The e-communique announcing Woebiotic a few week ago closed with the open-ended "what's next? not nothing", while the EP insert's own farewell line is "Onwards into the music!", hinting that while there will be no more releases he might may well be making things not for public consumption.  I half-hope Matt "does a Woebot", i.e. goes back on his own vow and restarts the project, like he did several times with all those blogs of his. But maybe it really is time to move on.
(You can buy Woebiotic here.) 

It's strange when blogger pals end up joining the company of your favourite musicians. I mean, just because they know a lot about music and have strong opinions about it, it doesn't mean they're capable of generating stuff that's any cop. 

Been thinking about this recently not just because of Woebot's end-of-the-journey EP but because of Nick Edwards (formerly known as the blogger Gutterbreakz, now increasingly well-known as the musician Ekoplekz) and who shows absolutely no sign at all of stopping. Over the last two or three years he's churned out a torrent of music, pretty much all of it really superb.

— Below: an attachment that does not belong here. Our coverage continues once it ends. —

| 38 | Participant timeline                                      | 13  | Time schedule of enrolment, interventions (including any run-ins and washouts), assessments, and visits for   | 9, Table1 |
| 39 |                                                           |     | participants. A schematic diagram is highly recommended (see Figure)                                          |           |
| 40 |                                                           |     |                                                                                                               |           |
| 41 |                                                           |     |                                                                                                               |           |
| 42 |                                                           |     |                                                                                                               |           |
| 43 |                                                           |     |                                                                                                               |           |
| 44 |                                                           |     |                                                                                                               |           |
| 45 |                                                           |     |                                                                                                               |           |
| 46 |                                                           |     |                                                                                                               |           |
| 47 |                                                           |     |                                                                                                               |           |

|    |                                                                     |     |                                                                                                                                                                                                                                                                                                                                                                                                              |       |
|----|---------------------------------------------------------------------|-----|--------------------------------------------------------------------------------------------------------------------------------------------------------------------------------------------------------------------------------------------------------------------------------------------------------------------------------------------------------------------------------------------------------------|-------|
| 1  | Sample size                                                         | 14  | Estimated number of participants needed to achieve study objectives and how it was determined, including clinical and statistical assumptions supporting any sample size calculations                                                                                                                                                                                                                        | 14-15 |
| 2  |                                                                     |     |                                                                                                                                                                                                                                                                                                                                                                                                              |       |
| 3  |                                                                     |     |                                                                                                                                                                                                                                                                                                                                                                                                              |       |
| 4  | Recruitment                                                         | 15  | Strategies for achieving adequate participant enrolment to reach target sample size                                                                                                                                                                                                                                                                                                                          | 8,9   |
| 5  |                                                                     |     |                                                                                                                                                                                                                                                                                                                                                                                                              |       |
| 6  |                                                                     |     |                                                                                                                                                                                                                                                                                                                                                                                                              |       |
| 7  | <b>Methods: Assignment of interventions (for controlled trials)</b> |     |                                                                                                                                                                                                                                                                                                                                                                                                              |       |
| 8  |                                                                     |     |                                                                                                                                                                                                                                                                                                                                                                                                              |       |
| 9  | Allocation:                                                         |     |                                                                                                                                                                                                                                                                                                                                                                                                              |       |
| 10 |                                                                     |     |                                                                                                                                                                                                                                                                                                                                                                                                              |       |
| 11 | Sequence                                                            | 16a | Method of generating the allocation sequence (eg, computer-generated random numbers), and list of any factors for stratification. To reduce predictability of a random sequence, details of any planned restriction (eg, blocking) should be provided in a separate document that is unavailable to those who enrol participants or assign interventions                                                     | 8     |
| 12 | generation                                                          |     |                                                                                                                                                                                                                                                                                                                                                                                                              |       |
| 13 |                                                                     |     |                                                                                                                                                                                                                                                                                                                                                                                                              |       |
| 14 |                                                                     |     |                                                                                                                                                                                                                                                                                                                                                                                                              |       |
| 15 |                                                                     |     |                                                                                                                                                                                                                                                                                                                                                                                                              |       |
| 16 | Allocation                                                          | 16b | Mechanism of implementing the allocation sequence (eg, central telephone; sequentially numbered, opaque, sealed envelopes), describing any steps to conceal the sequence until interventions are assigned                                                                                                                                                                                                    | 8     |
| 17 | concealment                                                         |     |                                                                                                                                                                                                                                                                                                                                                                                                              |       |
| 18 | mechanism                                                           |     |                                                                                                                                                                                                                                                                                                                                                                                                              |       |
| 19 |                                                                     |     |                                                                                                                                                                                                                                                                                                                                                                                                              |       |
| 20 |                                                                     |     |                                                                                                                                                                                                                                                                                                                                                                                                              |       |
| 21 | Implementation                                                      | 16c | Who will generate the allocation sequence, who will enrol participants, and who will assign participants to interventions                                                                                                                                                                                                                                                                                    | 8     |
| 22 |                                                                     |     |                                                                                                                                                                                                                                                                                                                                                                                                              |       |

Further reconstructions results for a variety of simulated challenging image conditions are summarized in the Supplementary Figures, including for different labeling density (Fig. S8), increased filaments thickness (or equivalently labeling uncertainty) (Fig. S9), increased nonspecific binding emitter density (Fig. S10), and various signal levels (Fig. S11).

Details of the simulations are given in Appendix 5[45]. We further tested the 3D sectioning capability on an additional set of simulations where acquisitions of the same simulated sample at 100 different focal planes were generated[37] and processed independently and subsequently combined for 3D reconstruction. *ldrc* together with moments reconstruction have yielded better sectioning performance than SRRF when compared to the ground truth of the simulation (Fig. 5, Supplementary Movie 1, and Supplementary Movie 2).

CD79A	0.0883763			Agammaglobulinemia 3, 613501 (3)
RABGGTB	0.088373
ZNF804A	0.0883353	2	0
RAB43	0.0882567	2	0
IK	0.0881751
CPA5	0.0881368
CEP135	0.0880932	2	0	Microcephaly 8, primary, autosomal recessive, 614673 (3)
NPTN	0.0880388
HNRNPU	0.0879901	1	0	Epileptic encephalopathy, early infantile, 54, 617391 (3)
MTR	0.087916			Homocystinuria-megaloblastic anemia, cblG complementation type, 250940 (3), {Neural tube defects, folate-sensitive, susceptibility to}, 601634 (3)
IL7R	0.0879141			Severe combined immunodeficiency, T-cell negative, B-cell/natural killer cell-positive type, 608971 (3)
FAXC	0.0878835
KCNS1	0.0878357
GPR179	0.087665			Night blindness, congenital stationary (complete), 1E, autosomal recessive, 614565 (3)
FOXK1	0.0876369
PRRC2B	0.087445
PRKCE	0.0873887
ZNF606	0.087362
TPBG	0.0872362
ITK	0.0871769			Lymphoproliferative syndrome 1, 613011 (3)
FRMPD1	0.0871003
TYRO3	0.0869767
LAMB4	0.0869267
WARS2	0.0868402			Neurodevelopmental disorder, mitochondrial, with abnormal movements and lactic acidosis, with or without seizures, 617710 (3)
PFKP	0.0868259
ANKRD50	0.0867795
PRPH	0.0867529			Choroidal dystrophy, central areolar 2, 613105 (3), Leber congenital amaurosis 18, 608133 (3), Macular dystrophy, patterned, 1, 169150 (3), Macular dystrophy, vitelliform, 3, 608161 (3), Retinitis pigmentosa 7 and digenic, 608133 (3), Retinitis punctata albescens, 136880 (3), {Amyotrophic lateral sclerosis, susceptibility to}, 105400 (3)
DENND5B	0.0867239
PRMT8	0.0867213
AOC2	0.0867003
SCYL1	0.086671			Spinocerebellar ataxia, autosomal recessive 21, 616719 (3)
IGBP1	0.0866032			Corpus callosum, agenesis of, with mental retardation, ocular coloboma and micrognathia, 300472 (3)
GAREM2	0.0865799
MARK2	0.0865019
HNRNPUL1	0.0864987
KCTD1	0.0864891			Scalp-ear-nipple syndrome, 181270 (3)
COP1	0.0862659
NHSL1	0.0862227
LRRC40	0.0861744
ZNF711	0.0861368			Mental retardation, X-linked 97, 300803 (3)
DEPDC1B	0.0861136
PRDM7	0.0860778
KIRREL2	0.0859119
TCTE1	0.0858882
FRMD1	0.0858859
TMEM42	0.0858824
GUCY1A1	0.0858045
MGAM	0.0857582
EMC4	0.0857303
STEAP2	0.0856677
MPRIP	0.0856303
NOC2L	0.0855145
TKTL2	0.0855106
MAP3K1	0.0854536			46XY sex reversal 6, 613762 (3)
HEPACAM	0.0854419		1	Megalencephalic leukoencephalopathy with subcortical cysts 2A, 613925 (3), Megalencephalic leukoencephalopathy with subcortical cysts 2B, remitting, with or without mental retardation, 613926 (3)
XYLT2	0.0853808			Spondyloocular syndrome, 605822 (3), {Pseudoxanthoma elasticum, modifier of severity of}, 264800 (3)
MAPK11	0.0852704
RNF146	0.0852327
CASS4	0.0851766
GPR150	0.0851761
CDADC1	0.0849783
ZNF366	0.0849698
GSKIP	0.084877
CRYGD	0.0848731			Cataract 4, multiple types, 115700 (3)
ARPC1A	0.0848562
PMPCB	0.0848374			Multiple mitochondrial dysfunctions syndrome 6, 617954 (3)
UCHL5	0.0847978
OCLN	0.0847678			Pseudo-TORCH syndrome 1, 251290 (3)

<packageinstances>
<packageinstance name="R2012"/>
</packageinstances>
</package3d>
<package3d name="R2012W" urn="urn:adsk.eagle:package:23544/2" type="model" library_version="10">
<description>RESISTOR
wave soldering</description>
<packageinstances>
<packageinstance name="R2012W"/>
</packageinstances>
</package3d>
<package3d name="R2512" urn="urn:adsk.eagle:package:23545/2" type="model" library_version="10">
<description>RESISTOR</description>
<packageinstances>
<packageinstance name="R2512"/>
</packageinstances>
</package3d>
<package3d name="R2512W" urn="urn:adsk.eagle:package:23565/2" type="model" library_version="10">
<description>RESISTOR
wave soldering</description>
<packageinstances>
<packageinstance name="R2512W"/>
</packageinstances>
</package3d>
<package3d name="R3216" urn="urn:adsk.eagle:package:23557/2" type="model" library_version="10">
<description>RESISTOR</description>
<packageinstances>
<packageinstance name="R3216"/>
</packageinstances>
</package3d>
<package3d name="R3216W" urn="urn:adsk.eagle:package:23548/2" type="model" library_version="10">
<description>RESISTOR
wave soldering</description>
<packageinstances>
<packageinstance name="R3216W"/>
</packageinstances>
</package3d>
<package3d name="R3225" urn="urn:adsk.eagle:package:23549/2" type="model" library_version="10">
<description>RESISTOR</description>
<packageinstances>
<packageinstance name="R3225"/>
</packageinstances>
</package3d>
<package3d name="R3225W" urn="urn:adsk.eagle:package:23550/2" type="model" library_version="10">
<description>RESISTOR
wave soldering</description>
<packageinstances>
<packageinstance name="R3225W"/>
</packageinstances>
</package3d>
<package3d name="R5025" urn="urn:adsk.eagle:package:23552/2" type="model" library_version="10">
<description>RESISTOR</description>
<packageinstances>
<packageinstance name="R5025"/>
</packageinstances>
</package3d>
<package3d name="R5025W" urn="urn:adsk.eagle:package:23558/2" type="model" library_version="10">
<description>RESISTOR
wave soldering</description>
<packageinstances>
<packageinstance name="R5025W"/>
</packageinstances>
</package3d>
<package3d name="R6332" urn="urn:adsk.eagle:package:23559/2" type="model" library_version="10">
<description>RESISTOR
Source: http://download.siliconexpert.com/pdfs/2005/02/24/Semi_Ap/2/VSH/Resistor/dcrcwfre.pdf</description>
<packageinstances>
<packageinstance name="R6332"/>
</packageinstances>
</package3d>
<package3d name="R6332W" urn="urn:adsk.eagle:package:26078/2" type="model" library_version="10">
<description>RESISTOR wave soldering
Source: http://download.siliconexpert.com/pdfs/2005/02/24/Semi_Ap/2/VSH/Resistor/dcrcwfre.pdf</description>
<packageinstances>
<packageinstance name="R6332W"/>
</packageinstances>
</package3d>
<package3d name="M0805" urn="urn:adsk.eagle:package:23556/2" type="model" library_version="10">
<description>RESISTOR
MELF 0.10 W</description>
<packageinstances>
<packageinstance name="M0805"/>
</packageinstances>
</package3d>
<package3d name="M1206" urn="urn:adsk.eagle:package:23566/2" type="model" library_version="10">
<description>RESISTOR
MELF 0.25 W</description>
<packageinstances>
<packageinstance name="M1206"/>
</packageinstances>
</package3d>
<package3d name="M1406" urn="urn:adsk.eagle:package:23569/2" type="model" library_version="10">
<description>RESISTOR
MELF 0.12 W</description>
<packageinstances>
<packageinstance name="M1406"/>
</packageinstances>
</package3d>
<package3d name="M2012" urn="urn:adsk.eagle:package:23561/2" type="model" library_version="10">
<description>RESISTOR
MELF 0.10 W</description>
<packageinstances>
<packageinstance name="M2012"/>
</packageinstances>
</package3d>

Just readily to hand I've got something like 11 separate works by Nick - LPs, EPs, collaborative albums--plus a bunch of guest mixes done for sites like Pontone (mostly featuring his own music). Somewhere tucked away amongst all my stuff there's an early CD-R and a cassette (attic tapes, really, rather than the Oeuvre Proper)But there's a heap more limited-edition tape things he's done for micro-labels that I've not got, plus composite identity projects like Ekoclef(Go on, have a boggle at his discography). And there's more coming, constantly -- a new record from his Ensemble Skalectrik identity, Trainwrekz, is due out via Editions Mego at the end of April  

Compared with the shifts and leaps Woebot went through, what's striking about Nick's work is how fixated it is -- it's one big, heaving, writhing, gnarly body of "changing same". Yet I don't get tired of it. I've actually tried to listen all the stuff I had in one go, made a folder of it and clicked "play all". I ran out of day before I finished it. But I never got bored with it. It's more-ish, this sound.